Saturday Night Fever at Bristol Hippodrome

PRODUCER/director Bill Kenwright has been presenting productions of Willy Russell’s Liverpool based Blood Brothers in London and around the country virtually non-stop since 1987.

Liverpool born and long term chairman of Everton Football Club, Kenwright’s roots are well and truly in that city, and the sensitive way in which he has directed and produced this new York based show, which, like Blood Brothers, deals with the fate of underprivileged characters, here living in Brooklyn, in particularly Tony Manero, suggests that he sees parallel lines between them and those the Johnstone family faced in Russell’s play, with what appear to be insurmountable obstacles in the way of lifting themselves out of  the poverty trap that they have been born into.

All that may not readily appear to be a good basis for a musical show, but add in the  music of the legendary BeeGees and the iconic images of John Travolta, and this stage adaptation is taken from the 1977 film that shot the then unknown Travolta into mega-star orbit, and you have a great deal to appeal to those who  love the music and styles of the 1970s and 80s.

It also has an inbred problem in that you require a larger-than-life charismatic figure to play the Tony Manero role. Virtually never off stage, he not only has to have the look, poses, and dance movements of John Travolta but in addition show acting skills strong enough to keep the often over-dramatic and sometimes over sentimental storyline on a level keel.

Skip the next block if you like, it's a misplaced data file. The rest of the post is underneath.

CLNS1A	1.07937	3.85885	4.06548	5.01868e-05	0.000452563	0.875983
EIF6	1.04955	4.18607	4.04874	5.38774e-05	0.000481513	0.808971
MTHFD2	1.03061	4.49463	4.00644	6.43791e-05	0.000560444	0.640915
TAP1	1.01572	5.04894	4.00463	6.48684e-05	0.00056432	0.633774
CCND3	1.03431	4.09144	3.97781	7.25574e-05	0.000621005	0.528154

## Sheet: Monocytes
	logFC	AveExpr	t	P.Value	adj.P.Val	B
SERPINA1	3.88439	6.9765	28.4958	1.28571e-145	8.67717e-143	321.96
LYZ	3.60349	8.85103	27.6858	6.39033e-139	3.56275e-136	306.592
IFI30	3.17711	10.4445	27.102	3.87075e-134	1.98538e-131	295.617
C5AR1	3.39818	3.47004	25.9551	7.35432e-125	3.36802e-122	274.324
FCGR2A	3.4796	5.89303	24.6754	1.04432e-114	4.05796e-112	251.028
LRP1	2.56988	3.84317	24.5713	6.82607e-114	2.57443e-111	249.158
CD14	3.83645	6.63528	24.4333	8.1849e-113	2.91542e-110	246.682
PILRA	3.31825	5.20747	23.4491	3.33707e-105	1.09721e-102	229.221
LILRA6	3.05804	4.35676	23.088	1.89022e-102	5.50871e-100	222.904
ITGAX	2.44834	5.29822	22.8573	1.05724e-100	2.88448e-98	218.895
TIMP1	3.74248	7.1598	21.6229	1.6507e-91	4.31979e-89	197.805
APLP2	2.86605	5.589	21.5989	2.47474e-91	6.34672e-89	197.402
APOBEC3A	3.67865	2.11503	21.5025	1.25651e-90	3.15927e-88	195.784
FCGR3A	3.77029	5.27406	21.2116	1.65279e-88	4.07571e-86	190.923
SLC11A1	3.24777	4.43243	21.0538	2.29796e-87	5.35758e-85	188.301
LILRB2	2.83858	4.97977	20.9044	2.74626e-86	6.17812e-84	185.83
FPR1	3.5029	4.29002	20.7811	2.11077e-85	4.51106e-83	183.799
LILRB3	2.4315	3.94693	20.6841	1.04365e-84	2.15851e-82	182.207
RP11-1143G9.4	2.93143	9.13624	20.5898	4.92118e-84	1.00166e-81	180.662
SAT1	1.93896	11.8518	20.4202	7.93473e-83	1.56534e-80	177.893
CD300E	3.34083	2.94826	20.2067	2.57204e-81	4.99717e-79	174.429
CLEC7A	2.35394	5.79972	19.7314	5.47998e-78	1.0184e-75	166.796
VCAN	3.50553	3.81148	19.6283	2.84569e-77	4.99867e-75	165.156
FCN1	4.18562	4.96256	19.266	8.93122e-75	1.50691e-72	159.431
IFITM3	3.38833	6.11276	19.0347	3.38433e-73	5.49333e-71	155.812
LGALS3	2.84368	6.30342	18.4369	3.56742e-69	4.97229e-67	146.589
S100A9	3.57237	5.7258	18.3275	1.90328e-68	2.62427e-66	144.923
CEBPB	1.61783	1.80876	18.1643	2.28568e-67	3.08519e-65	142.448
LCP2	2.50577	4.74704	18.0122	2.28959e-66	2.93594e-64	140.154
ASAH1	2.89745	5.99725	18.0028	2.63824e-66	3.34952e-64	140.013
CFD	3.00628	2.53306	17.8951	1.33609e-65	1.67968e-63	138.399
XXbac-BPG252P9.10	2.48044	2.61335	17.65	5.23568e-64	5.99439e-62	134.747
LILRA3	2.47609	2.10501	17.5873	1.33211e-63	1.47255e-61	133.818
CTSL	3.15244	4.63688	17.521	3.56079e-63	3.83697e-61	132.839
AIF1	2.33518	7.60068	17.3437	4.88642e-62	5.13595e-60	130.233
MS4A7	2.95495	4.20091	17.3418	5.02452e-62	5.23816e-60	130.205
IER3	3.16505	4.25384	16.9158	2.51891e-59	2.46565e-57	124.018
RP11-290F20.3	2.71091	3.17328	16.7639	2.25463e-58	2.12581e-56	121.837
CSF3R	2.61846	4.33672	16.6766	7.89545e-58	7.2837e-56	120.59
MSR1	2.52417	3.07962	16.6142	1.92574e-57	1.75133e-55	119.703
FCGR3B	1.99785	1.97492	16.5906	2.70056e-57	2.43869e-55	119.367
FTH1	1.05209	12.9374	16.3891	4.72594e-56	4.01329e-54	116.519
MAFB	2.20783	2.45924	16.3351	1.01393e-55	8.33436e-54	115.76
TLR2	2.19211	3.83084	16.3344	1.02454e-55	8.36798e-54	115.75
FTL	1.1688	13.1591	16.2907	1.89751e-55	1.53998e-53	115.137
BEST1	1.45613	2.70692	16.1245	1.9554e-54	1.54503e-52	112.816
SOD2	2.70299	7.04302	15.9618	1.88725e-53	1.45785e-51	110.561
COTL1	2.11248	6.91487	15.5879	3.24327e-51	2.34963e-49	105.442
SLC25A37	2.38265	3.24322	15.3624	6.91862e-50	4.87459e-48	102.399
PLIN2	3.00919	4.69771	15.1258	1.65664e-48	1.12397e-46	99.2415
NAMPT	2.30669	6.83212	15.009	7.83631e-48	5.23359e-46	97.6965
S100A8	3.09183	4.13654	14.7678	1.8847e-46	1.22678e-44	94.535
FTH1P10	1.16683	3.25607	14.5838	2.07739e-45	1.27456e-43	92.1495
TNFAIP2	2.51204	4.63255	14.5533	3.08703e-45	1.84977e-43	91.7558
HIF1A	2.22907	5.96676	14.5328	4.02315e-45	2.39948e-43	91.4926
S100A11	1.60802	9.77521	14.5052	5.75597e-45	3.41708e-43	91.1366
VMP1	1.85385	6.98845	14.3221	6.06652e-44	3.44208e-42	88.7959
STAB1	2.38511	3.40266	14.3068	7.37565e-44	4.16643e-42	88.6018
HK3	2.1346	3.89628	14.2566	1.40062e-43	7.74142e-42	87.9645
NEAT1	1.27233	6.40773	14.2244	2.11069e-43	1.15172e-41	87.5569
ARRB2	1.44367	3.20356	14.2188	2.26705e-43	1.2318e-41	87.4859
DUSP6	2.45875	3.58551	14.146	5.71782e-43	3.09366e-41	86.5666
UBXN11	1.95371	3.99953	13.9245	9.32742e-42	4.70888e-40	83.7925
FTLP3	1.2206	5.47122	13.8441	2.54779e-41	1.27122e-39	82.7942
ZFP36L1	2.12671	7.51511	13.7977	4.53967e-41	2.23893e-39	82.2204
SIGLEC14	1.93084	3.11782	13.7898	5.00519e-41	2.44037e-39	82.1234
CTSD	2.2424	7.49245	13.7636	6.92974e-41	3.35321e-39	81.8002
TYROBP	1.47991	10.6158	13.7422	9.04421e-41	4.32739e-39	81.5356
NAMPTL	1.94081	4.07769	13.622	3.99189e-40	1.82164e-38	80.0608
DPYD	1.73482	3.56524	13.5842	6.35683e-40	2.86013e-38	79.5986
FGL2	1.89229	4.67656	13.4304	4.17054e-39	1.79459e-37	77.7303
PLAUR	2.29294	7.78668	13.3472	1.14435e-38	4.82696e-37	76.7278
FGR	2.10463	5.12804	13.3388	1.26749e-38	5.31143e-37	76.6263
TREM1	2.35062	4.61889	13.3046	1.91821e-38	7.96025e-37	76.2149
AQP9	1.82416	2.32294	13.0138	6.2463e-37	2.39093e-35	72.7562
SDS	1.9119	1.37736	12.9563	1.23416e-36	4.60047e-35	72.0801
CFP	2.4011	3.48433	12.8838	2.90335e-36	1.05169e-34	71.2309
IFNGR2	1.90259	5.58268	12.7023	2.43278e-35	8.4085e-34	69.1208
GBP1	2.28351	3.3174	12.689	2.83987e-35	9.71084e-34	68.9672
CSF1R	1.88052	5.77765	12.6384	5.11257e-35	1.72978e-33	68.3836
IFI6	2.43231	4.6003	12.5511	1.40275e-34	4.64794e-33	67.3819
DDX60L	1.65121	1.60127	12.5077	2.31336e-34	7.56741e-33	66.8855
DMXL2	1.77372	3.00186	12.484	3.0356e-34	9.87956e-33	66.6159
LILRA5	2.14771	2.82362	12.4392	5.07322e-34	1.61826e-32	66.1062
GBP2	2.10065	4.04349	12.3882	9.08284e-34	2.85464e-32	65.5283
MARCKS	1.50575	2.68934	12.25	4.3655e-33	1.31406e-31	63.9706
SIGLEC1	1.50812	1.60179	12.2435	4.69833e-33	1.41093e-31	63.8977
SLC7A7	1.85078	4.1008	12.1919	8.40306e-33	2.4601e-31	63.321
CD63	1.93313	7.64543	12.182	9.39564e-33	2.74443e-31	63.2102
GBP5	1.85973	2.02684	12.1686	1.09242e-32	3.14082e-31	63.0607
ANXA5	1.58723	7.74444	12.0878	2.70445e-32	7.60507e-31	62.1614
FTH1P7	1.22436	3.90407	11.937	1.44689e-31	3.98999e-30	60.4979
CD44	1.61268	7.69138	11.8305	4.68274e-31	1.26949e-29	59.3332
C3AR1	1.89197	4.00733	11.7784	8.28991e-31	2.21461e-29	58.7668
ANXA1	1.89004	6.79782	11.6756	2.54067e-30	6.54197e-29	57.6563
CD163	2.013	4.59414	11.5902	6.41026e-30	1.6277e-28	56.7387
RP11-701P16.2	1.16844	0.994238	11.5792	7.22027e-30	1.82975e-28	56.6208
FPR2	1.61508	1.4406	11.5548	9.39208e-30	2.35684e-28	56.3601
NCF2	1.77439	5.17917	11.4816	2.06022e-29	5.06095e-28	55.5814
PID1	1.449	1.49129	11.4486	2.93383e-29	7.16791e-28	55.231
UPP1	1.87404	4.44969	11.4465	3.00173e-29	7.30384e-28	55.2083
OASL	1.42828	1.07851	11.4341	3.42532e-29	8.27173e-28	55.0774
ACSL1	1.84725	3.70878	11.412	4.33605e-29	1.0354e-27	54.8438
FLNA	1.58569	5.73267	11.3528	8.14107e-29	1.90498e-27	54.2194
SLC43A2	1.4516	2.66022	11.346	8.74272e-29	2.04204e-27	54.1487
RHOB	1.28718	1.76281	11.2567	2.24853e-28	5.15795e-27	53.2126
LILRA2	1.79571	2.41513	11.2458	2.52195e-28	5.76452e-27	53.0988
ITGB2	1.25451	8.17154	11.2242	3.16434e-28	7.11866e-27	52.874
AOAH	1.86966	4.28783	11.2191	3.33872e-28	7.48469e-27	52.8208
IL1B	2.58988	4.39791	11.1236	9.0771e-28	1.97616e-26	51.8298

This mammoth task fell to Richard Windsor, who made good use of his experiences working with Matthew Bourne’s New Adventures to capture those iconic dance movements, recreated from the film by choreographer Bill Deamer. With only limited dialogue at his disposal, he also made more than just a acceptable stab at painting a picture of a naturally intelligent, undereducated young man trapped in social poverty. All that was missing was that indefinable charisma that lifts a character out of the general run of things onto a higher level.

Cleverly designed by Gary McCann and lit by Nick Richings, making excellent use of a large-scale mirror which gave the impression that twice as many disco dancers were on stage than were actually there, the set provided a permanent bridge behind the action onto which Edward Handoll, Alistair Hill and Matt Faull, looking and sounding eerily like the BeeGees, climbed to support the dancers as they reminded us of some of the greatest hits. Musical director Rich Morris and his small-but-noisy group were on hand to supply exactly the sort of sound required to keep the show in period.

The show was at its best when slamming home the iconic sounds and visions of the original film, with the whole well-drilled company giving their all.

You had to feel a little sorry however for Kate Parr, Anna Campkin, Raphael Pace and Melody Jones who, in addition to their dancing duties, which they did wholeheartedly, had with minimum ammunition to create the strong characters of Stephanie, Tony’s upwardly  new dance partner, Annette, his discarded girlfriend and ex dance partner, the tragic looser Bobbie C, and careworn his mother. It says much for their acting skills and commitment that four such well drawn characters emerged.


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